N2 - Background: The palliative care nursing workforce is depleted and faces increased demands due to an ageing population likely to be living longer with life-limiting conditions. Resilience is often suggested as necessary to enable nurses to tolerate rising levels of stress yet is often poorly defined and understood. Assumptions that resilience is the responsibility of individual nurses are challenged.Aim: To explore resilience from the perspective of hospice nurses; understand what individual, interpersonal and organisational factors influence resilience; develop strategies for enhancing resilience in hospice inpatient palliative care nursing; and to review and evaluate such strategies.Methods: Participatory Action Research (PAR) was used to identify the nature ofadversity in inpatient palliative care nursing and develop strategies, designed bynurses themselves, to enhance resilience. Phase one involved semi-structuredinterviews with 7 registered nurses and phase two included twelve, monthlymeetings of a Collaborative Inquiry Group, who engaged in a process of planning,acting and reflecting on the key issues identified in phase one.Findings: Resilience in inpatient palliative care nursing is preceded by the followingadversities: being affected by certain patients, feeling kept in the dark, and whenteamwork is sub-optimal. Resilience occurs when nurses make meaning fromadverse experiences in ways that prepare them for future occurrences. Meaning making involves certain mindsets, team support and cohesion, and the ability to develop a coherent narrative about experiences. It is possible for nurses to innovate, generate and implement strategies to enhance resilience without relying on typically used interventions such as mindfulness, relaxation, CBT or other techniques that lay responsibility to tolerate inordinate stressors on the individual nurse.Conclusion: There are particular adversities encountered by the inpatient palliative care nursing workforce that influence resilience. Given the opportunity, nurses themselves can identify, develop and test strategies that may enhance resilience in their workplace.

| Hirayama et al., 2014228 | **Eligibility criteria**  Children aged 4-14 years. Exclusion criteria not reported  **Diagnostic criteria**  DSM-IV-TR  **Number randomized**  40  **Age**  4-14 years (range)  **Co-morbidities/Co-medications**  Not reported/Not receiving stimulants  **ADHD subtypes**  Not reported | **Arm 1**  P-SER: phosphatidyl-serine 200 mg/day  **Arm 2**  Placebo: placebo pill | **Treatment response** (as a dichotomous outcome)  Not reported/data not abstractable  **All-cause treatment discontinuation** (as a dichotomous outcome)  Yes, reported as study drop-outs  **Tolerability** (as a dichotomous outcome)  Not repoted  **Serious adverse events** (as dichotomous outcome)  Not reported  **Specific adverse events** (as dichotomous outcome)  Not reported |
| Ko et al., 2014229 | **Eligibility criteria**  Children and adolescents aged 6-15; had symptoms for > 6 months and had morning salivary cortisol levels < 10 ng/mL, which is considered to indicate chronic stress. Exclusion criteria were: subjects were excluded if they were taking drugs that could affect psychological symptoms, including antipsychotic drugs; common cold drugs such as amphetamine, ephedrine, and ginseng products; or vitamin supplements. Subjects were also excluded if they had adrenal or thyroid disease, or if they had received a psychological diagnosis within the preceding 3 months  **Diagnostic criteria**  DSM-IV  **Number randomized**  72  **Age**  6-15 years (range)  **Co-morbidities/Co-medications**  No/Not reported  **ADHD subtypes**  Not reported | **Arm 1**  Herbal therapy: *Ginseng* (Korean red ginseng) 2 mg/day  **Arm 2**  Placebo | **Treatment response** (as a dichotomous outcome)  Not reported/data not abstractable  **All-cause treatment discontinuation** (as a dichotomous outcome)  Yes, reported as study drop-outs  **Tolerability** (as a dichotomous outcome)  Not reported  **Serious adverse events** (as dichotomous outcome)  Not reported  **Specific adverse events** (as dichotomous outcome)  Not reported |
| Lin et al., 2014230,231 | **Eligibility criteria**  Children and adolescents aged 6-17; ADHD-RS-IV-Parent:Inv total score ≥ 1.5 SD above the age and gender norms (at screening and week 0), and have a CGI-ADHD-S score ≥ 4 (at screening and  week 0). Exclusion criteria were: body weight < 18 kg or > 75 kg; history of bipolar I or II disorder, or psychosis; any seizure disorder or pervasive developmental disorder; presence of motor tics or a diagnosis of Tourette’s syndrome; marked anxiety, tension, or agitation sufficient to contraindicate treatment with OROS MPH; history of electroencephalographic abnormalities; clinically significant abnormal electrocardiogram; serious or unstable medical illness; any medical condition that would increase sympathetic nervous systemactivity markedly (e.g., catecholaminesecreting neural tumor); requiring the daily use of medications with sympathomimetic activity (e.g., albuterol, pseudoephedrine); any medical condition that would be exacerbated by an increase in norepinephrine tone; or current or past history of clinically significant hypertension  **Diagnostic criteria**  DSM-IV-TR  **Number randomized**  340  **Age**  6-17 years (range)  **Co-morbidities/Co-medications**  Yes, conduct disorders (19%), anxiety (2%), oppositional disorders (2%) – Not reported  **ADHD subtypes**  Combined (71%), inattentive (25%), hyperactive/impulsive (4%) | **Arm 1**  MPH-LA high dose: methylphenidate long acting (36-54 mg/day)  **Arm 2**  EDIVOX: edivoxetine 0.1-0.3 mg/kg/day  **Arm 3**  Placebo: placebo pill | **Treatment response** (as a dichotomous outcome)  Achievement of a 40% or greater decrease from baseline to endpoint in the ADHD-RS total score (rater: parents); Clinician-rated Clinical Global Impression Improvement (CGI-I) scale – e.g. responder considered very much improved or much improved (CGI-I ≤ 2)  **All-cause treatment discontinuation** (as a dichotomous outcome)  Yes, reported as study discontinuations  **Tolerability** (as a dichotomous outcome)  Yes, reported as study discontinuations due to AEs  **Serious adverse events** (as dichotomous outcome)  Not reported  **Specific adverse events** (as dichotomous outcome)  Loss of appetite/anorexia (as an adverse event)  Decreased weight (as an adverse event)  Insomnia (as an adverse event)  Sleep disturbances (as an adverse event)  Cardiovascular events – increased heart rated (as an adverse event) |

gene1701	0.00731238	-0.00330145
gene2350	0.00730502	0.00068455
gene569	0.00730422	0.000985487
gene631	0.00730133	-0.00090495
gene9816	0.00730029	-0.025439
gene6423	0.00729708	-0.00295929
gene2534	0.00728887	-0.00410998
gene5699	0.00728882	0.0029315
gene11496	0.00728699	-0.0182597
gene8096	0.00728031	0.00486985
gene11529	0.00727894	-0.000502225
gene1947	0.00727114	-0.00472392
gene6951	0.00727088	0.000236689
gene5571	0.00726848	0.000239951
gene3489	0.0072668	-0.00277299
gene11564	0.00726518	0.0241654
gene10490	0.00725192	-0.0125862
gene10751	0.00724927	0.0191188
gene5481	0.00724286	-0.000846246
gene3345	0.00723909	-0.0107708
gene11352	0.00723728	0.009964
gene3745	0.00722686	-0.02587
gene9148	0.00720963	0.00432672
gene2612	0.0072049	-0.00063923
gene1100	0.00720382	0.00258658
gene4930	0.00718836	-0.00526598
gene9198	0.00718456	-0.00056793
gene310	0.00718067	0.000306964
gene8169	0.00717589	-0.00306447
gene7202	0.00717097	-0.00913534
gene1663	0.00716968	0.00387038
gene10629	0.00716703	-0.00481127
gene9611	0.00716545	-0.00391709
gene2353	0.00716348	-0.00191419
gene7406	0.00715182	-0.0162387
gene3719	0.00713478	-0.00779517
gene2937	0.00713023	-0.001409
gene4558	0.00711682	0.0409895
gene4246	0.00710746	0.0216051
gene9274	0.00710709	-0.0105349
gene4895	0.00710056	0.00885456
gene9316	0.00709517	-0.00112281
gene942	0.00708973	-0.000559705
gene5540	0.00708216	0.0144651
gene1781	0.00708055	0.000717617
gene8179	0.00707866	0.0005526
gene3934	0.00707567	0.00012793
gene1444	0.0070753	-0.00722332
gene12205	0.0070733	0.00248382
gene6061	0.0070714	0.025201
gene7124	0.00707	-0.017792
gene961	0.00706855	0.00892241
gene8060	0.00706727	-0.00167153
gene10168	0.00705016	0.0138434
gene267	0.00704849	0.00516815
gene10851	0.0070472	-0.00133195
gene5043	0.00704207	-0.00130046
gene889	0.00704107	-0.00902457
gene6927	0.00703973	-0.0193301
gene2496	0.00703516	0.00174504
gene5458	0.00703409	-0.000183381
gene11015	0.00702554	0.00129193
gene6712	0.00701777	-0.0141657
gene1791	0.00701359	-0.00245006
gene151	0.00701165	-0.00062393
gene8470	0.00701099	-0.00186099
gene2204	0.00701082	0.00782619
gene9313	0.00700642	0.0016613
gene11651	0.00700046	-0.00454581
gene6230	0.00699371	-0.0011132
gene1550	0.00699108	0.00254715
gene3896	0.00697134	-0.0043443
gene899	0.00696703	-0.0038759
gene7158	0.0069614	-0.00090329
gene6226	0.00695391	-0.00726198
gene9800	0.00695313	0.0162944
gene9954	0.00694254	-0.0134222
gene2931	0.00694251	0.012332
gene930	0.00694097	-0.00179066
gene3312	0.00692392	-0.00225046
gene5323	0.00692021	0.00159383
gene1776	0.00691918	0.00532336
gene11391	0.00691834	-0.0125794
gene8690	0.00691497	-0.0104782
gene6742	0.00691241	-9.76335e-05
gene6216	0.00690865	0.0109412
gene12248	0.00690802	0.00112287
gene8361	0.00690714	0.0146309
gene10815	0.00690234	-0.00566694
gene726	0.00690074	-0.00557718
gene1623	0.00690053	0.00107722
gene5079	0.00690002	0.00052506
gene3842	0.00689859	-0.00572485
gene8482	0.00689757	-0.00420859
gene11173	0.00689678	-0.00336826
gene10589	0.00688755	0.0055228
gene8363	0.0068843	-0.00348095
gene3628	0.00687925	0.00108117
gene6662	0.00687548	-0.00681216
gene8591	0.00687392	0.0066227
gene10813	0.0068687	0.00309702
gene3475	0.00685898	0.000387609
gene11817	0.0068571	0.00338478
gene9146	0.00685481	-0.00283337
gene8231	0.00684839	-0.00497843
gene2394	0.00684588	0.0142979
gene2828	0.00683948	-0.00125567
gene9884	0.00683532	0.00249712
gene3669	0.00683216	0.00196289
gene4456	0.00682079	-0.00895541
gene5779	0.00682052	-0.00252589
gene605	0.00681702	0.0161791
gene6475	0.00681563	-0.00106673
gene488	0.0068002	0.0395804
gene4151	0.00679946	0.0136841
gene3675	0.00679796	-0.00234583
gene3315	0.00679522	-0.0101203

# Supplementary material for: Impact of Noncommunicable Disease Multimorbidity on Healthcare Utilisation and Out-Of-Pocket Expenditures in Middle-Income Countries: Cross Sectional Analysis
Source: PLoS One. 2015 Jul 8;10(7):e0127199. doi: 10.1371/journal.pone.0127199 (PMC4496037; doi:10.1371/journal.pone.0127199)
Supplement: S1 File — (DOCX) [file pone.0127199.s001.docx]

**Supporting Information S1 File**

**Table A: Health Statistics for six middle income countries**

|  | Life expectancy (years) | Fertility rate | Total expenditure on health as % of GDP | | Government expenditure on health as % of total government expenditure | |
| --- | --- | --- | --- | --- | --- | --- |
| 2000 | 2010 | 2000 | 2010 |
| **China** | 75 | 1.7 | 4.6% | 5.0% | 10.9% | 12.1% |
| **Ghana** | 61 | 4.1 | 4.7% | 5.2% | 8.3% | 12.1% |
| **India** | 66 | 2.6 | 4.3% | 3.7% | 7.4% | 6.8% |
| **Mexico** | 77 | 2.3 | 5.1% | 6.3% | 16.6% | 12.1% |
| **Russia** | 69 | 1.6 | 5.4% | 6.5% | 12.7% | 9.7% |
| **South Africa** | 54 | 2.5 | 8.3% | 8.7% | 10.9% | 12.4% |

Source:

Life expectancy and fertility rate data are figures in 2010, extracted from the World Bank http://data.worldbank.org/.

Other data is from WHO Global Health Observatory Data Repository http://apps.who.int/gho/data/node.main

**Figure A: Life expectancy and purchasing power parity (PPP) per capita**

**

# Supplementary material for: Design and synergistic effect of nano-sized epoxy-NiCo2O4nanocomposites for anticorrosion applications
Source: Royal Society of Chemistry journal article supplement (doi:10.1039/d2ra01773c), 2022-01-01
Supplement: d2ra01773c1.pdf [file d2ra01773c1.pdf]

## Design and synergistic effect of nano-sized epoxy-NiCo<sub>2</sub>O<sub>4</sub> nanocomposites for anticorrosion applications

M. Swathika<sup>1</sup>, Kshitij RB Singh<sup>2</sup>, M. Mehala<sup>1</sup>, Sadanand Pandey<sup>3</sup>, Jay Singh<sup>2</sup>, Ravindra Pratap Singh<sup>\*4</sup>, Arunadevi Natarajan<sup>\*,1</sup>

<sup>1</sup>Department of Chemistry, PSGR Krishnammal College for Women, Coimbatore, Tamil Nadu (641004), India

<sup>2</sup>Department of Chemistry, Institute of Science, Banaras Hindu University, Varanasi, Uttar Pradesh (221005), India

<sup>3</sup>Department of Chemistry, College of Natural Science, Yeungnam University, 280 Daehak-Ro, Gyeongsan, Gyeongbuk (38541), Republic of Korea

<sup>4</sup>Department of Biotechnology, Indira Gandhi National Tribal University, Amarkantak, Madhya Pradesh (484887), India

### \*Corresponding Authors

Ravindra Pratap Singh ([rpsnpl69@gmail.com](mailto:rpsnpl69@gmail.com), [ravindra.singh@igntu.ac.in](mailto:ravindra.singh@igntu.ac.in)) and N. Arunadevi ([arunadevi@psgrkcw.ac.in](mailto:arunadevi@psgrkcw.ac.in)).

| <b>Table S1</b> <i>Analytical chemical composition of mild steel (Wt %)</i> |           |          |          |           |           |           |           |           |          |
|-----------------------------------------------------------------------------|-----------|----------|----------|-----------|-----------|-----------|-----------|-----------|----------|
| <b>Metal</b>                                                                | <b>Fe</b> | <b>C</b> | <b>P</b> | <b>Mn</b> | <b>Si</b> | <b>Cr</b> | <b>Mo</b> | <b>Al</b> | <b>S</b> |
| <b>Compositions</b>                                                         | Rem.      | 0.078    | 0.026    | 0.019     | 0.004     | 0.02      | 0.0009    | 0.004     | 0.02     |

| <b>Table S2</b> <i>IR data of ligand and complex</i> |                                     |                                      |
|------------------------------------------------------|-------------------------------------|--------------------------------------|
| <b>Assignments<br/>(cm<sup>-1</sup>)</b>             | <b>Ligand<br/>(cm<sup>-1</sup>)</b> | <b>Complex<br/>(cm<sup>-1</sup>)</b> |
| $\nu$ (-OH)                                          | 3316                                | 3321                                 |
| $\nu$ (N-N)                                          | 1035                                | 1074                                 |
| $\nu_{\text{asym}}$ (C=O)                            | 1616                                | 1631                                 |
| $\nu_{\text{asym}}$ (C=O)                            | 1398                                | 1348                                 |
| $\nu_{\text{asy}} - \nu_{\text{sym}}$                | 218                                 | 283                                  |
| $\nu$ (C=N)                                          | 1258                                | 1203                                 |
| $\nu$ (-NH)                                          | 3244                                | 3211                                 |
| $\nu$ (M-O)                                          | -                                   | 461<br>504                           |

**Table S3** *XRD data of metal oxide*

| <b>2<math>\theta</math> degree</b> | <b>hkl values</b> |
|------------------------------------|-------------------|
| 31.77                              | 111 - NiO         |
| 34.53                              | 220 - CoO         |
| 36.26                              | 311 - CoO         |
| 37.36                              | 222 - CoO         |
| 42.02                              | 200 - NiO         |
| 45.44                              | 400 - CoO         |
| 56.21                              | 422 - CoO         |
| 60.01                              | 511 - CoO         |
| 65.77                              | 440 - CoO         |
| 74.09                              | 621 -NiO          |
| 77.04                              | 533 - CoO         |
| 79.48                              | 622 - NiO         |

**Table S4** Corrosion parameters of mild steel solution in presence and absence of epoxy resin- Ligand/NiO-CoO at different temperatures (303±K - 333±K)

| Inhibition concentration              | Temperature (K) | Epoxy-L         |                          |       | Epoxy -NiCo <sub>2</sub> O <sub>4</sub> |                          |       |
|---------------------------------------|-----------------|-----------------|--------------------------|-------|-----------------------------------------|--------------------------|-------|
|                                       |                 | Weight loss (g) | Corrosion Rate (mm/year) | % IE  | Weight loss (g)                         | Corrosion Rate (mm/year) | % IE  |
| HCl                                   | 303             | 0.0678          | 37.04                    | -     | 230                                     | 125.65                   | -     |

AB - Background: The palliative care nursing workforce is depleted and faces increased demands due to an ageing population likely to be living longer with life-limiting conditions. Resilience is often suggested as necessary to enable nurses to tolerate rising levels of stress yet is often poorly defined and understood. Assumptions that resilience is the responsibility of individual nurses are challenged.Aim: To explore resilience from the perspective of hospice nurses; understand what individual, interpersonal and organisational factors influence resilience; develop strategies for enhancing resilience in hospice inpatient palliative care nursing; and to review and evaluate such strategies.Methods: Participatory Action Research (PAR) was used to identify the nature ofadversity in inpatient palliative care nursing and develop strategies, designed bynurses themselves, to enhance resilience. Phase one involved semi-structuredinterviews with 7 registered nurses and phase two included twelve, monthlymeetings of a Collaborative Inquiry Group, who engaged in a process of planning,acting and reflecting on the key issues identified in phase one.Findings: Resilience in inpatient palliative care nursing is preceded by the followingadversities: being affected by certain patients, feeling kept in the dark, and whenteamwork is sub-optimal. Resilience occurs when nurses make meaning fromadverse experiences in ways that prepare them for future occurrences. Meaning making involves certain mindsets, team support and cohesion, and the ability to develop a coherent narrative about experiences. It is possible for nurses to innovate, generate and implement strategies to enhance resilience without relying on typically used interventions such as mindfulness, relaxation, CBT or other techniques that lay responsibility to tolerate inordinate stressors on the individual nurse.Conclusion: There are particular adversities encountered by the inpatient palliative care nursing workforce that influence resilience. Given the opportunity, nurses themselves can identify, develop and test strategies that may enhance resilience in their workplace.

KW - Health services research; hospice and palliative care nursing; resilience, psychological; stress, psychological,

U2 - 10.17635/lancaster/thesis/1099

DO - 10.17635/lancaster/thesis/1099

M3 - Doctoral Thesis

PB - Lancaster University

ER -